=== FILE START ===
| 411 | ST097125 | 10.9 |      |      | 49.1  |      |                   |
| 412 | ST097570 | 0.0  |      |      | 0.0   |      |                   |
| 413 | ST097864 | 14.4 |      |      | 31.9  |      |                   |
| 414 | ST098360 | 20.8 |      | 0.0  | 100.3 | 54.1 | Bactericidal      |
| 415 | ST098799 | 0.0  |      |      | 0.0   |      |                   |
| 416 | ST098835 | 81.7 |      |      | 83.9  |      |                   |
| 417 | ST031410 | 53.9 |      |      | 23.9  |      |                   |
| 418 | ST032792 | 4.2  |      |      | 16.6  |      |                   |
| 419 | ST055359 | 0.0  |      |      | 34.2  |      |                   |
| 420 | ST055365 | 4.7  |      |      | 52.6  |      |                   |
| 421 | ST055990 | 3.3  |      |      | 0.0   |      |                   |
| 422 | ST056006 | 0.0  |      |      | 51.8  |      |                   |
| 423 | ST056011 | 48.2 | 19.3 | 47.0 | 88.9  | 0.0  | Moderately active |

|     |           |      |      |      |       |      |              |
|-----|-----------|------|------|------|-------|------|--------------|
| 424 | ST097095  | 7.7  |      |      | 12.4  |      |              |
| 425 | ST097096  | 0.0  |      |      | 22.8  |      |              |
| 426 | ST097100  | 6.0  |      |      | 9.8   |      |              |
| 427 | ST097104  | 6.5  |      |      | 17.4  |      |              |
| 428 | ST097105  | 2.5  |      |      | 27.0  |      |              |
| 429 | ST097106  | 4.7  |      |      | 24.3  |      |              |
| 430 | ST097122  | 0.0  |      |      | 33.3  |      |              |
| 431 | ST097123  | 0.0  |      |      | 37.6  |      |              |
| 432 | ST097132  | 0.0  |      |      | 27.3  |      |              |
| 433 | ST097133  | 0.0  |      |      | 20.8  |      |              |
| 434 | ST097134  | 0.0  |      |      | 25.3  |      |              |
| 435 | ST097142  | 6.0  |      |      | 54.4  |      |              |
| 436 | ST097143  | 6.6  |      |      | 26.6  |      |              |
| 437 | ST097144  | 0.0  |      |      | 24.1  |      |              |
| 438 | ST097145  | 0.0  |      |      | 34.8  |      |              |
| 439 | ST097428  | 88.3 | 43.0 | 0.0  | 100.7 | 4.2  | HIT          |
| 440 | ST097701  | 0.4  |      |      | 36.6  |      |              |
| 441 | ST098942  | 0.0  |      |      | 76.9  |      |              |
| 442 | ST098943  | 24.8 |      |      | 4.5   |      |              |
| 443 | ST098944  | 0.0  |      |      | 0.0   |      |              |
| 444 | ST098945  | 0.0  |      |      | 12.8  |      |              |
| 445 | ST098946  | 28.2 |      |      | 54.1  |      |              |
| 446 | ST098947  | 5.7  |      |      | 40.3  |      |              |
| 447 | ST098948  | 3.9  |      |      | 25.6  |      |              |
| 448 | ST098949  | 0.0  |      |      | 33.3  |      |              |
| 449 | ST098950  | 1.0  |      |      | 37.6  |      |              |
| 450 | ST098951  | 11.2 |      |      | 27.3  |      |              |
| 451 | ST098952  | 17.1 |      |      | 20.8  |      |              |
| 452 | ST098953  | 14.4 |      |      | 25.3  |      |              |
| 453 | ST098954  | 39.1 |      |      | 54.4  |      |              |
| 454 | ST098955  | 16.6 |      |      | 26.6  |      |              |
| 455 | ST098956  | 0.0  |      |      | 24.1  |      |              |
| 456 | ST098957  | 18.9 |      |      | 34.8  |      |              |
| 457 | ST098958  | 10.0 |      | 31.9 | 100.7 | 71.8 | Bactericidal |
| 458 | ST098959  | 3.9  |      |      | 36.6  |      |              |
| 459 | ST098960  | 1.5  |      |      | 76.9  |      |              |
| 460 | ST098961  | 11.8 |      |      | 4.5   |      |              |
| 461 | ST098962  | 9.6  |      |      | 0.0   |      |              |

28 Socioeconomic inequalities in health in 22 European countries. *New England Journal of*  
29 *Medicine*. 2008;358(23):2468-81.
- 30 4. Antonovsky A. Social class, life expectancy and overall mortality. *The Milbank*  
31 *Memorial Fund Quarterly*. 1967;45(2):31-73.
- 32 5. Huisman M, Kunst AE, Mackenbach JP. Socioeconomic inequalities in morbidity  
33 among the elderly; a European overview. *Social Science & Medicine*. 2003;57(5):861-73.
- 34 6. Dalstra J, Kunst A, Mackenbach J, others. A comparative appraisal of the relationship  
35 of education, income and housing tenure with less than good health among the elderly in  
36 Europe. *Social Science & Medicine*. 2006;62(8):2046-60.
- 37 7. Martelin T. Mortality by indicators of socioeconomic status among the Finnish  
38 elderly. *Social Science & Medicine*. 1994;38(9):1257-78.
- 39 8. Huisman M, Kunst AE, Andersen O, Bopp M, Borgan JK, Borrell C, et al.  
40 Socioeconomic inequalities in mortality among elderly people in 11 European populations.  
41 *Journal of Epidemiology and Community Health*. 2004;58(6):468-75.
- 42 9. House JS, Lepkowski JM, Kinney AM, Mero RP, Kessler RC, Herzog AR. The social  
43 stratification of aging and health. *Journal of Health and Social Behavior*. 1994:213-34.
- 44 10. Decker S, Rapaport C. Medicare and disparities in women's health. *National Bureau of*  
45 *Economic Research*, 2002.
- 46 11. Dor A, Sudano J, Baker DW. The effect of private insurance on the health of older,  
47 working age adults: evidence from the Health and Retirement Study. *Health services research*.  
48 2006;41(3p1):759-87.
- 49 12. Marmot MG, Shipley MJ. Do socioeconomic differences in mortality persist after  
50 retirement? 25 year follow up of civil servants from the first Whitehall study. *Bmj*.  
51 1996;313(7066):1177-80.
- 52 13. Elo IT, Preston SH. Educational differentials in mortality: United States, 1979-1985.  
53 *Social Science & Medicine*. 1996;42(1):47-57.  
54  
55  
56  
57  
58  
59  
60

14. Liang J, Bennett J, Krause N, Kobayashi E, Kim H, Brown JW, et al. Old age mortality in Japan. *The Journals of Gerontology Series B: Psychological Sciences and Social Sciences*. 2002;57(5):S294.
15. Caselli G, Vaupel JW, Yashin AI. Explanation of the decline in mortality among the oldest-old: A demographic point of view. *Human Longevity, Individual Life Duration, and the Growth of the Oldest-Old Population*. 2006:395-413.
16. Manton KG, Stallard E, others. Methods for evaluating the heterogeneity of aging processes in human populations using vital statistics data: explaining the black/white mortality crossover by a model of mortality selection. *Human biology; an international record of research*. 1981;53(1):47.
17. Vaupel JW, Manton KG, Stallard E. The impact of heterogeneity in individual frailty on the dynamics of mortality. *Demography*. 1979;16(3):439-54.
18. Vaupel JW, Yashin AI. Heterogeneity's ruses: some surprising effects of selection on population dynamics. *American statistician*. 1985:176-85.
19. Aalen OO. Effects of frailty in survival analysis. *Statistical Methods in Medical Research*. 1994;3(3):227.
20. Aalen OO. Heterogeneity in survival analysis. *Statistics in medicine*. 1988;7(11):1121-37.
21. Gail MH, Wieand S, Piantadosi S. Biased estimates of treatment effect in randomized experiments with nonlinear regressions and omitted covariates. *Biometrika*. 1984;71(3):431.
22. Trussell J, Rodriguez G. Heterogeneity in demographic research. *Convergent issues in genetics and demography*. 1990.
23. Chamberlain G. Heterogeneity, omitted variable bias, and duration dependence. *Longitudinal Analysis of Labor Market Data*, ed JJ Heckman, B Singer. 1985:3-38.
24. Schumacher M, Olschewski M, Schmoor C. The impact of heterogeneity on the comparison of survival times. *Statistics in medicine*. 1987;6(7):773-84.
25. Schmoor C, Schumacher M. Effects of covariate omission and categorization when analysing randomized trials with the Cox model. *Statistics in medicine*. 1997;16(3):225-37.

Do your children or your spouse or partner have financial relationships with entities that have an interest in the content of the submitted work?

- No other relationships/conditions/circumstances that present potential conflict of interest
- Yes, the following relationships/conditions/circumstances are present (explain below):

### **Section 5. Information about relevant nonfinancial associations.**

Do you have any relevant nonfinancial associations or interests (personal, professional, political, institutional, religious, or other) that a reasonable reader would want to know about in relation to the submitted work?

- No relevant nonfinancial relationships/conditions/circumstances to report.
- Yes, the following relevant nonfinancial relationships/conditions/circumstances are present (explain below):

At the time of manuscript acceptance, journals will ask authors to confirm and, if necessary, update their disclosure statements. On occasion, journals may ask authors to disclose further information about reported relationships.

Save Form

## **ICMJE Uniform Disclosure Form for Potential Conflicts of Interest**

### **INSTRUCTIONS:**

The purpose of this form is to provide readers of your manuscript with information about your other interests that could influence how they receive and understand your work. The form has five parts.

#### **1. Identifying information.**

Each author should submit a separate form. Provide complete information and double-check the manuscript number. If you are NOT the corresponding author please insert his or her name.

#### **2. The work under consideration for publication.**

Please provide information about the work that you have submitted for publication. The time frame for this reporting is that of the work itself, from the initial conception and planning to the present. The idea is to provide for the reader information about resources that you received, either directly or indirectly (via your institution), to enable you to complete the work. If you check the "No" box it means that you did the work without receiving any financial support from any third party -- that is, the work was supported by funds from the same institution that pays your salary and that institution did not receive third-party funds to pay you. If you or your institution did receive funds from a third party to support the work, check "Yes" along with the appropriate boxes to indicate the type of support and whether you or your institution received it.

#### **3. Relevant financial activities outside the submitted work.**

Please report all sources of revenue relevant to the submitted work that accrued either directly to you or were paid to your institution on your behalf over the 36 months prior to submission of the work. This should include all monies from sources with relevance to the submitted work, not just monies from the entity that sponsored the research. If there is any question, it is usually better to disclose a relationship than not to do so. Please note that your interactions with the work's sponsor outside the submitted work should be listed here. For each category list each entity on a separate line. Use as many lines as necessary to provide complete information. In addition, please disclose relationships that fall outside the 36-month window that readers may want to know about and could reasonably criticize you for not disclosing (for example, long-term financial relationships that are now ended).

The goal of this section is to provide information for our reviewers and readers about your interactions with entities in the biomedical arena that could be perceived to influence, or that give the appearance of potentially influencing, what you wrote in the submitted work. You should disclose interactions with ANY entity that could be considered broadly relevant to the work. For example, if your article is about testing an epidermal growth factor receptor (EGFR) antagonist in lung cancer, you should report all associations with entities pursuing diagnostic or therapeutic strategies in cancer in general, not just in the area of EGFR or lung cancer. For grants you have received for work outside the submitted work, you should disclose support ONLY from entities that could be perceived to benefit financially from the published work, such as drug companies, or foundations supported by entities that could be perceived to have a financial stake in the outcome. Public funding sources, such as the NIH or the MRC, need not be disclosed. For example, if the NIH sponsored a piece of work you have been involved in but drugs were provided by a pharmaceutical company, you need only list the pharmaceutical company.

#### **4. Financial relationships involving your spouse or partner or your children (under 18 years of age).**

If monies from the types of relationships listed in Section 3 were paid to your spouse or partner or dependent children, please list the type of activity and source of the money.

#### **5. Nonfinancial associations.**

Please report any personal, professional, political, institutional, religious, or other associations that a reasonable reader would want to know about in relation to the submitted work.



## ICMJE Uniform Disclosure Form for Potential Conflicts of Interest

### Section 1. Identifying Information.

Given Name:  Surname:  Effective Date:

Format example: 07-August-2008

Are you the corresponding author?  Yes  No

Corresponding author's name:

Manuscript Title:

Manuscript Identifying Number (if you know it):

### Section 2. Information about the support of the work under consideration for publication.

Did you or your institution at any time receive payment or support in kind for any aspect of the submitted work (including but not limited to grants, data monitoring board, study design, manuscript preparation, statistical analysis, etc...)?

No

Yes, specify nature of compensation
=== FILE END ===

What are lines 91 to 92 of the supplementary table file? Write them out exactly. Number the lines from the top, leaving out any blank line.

18. Vaupel JW, Yashin AI. Heterogeneity's ruses: some surprising effects of selection on population dynamics. *American statistician*. 1985:176-85.
19. Aalen OO. Effects of frailty in survival analysis. *Statistical Methods in Medical Research*. 1994;3(3):227.